- Size – When the baby is overly large, when the head or body is too big to fit through the mother’s pelvis, when the baby is in the breech or face position, or when forceps or other delivery tools are misused, the baby can be deprived of oxygen or blood flow for an extended period of time.
- Amniotic fluid issues – Having too much or not enough amniotic fluid, or having the fluid sac break too early can lead to HIE through either cord compression or infection.
- Timing issues – When a baby is born prematurely or after the due date, the risk of HIE increases.
- Medical mistakes – Obstetricians or other medical personnel can improperly address the mother’s health issues, such as anemia, high blood pressure, preeclampsia gestational diabetes or the baby’s health issues, such as an infection or breathing problems. Furthermore, failutre to treat a hypoxic ischemic injury timely (i.e., within six hours of birth) with head or whole body cooling may lead to HIE.
Lifelong Challenges of HIE
The complications and disabilities caused by HIE may or may not surface right away. The challenges faced by a child born with HIE can range from developmental delays, gross and fine motor impairment to lifelong issues such as:
- Neurological disorders, such as cerebral palsy, epilepsy, dysautonomia, and seizure disorders;
- Sensory issues, like vision loss, hearing loss, crossed eyes, nystagmus; and
- Physiological problems with the respiratory, endocrine, digestive, skeletal, and musculoskeletal systems.
Meeting these challenges is a lifelong endeavor. In addition to medical procedures, children with permanent brain damage from HIE often require one or more types of therapy. For example, some children might need both physical and occupational therapy, while others might need special education and speech or language therapy. Adaptive and assistive technologies might be helpful to some children born with HIE, while recreational therapy might be appropriate for others.
The Becker Law Firm: Holding Medical Providers Accountable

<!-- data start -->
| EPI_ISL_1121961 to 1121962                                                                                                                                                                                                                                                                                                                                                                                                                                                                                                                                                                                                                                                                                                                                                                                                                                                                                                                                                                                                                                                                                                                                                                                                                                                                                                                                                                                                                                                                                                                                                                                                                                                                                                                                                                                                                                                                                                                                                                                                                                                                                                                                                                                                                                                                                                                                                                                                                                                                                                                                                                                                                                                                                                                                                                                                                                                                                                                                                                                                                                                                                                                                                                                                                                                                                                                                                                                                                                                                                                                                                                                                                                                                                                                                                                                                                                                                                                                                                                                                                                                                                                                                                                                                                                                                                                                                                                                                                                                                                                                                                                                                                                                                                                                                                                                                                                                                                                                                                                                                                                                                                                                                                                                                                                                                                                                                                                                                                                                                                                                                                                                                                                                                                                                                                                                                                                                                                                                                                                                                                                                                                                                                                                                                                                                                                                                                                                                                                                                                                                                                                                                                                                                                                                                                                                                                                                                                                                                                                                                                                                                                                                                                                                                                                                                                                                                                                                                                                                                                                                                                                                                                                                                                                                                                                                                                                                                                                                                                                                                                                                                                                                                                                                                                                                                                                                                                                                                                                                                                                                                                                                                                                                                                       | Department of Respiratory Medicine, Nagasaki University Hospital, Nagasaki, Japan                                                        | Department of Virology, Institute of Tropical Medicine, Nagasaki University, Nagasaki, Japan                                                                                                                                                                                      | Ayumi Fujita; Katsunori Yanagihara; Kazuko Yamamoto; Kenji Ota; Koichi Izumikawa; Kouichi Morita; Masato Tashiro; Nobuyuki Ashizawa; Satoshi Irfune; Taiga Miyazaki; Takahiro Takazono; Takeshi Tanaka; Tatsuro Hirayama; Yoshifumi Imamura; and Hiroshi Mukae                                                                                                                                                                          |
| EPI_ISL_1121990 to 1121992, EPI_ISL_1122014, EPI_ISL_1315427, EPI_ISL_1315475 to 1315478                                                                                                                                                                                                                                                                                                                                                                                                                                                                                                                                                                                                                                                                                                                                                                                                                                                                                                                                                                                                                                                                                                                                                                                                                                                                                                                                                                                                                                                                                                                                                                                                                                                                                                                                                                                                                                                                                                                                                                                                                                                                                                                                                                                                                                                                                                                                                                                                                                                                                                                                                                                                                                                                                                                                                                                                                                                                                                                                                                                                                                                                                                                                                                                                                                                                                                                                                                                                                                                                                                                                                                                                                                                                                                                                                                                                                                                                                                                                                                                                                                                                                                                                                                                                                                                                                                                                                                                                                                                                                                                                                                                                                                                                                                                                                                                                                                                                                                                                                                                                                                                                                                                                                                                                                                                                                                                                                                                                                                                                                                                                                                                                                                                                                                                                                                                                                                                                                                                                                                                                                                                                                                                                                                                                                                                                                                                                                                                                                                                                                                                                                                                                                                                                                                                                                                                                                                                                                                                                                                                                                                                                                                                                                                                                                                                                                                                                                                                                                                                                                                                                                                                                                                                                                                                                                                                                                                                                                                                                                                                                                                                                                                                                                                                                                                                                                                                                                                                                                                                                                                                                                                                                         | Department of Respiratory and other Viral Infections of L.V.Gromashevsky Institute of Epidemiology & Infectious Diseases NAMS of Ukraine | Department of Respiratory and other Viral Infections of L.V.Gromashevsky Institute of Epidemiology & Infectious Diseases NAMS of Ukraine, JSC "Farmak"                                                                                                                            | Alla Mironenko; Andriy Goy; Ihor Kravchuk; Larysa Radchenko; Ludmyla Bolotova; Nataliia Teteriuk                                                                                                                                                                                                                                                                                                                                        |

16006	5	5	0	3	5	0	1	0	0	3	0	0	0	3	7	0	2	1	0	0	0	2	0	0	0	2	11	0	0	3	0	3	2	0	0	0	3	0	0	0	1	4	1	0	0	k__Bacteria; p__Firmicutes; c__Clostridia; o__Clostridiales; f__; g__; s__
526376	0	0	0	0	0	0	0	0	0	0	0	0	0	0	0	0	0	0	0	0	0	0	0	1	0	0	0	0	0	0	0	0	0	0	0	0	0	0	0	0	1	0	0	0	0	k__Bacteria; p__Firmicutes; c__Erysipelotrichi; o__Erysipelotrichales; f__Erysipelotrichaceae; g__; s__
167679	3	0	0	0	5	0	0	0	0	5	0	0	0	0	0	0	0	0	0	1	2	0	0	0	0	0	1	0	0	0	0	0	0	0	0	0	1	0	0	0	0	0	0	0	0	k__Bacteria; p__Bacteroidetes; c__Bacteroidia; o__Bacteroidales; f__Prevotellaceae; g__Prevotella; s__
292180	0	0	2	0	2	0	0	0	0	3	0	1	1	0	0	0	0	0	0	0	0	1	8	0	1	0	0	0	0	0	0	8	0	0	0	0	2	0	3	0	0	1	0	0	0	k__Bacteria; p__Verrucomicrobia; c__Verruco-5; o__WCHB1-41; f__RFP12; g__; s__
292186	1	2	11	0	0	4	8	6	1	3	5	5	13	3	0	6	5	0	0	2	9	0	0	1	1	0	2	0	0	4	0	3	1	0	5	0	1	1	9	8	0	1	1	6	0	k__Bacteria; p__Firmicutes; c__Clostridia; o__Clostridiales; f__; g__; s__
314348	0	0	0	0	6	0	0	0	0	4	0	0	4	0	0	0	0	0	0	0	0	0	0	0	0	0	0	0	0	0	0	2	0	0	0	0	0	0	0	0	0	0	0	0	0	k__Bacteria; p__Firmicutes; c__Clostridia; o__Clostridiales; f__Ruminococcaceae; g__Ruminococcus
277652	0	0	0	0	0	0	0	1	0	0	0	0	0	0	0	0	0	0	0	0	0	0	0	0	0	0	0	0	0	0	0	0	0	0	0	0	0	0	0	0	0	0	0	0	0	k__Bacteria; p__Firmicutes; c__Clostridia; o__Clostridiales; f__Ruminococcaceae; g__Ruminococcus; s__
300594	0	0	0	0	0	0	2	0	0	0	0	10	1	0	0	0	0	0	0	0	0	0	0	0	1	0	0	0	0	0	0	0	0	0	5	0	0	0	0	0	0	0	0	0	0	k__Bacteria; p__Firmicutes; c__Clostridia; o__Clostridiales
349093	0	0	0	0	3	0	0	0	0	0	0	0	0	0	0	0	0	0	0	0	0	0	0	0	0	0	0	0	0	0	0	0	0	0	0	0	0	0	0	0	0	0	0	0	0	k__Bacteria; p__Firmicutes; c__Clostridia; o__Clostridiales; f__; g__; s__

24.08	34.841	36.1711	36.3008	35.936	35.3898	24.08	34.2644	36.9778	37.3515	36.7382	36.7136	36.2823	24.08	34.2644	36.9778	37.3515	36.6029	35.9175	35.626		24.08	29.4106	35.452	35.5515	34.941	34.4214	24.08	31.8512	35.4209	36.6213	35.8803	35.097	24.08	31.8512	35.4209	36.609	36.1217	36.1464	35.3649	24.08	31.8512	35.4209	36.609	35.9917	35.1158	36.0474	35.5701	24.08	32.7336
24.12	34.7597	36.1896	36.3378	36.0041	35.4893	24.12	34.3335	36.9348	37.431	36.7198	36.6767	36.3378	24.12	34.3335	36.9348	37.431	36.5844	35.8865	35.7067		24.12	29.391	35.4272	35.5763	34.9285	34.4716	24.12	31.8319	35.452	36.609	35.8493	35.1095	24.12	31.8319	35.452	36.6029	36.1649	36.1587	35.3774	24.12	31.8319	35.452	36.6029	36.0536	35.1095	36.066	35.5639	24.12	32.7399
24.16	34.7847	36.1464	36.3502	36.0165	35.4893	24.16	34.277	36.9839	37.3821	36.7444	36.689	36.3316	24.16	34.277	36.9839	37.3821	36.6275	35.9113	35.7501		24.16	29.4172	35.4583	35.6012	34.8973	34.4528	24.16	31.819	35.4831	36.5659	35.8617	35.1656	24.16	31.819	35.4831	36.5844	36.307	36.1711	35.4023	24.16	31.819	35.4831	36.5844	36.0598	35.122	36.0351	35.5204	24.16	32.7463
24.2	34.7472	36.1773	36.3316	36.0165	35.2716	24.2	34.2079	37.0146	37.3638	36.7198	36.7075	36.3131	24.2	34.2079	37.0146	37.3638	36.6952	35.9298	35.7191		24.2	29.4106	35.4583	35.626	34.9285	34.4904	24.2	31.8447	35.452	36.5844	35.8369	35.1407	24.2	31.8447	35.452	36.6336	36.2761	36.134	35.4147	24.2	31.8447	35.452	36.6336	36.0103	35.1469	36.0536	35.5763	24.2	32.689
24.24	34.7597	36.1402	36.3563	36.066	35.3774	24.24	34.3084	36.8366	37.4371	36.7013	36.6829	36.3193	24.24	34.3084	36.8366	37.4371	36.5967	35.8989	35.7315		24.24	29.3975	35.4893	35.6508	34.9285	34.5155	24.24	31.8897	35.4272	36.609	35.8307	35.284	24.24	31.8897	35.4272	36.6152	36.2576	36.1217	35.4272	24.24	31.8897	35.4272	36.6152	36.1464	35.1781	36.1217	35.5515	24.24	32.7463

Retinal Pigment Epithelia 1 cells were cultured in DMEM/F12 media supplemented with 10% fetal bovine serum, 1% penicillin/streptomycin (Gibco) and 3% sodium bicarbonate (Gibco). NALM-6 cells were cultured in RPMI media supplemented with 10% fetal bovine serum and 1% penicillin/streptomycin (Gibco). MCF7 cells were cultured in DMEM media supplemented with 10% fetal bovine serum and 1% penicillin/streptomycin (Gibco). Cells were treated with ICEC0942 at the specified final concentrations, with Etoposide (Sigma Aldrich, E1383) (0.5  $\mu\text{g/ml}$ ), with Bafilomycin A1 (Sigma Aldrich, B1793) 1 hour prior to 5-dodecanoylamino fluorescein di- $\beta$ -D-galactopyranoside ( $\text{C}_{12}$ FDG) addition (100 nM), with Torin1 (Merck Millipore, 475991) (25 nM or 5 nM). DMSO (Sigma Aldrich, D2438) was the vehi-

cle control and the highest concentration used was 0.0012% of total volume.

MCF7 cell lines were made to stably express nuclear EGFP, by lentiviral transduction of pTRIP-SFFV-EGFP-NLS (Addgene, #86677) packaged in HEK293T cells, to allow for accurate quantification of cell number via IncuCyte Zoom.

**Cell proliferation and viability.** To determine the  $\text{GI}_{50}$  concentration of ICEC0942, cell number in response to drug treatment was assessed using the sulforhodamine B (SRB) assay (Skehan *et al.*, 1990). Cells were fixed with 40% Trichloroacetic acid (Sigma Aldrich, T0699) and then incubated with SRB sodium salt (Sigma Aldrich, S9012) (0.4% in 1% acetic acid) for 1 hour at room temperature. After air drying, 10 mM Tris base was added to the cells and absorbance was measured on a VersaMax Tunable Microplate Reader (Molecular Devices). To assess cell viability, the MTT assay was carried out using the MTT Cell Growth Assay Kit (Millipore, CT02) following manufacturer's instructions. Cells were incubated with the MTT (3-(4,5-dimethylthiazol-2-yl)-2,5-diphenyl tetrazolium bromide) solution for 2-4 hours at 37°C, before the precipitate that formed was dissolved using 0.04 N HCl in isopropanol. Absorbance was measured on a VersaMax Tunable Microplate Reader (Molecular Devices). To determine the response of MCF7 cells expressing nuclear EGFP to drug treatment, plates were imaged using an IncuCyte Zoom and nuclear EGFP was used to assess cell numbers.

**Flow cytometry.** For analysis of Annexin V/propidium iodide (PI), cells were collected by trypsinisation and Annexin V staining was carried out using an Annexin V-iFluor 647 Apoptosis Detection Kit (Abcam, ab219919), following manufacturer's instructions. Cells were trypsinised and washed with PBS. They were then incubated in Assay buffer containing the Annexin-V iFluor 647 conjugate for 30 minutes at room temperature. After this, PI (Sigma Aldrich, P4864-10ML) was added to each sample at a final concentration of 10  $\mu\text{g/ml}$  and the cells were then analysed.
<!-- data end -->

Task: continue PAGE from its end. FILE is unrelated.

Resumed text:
A lawsuit against the medical providers whose negligence or malpractice resulted in your child’s HIE won’t erase his or her brain damage. But financial recovery can help pay for the medical treatments and therapies your child needs, both now and in the future. A lawsuit also holds medical providers and hospitals accountable, which will hopefully cause them to change their practices in order to prevent HIE from being inflicted on other babies.
Our legal team knows how to identify the physical, emotional, and financial costs associated with HIE’s complications and disabilities. We know how to get to the bottom of the medical malpractice or negligence that caused your child’s HIE. Our founder, attorney Michael Becker, has more than 38 years of experience in obtaining financial compensation for the families of children born with HIE. He’s successfully held medical providers and hospitals accountable for negligence that’s led to HIE. He is committed to the best recovery possible for families who face a lifetime of challenges because of HIE.
We’re Here. Reach Out to Us.
We have offices in Cleveland and Elyria, but we take cases all across Ohio. Please call us at (440) 210-9336 to discuss your potential case. We have answers to your questions about HIE litigation: who can file a lawsuit, how long it takes and statutes of limitation. We won’t charge you for your initial consultation, and if we proceed, we’ll take your case on a contingency fee basis without any costs to your family.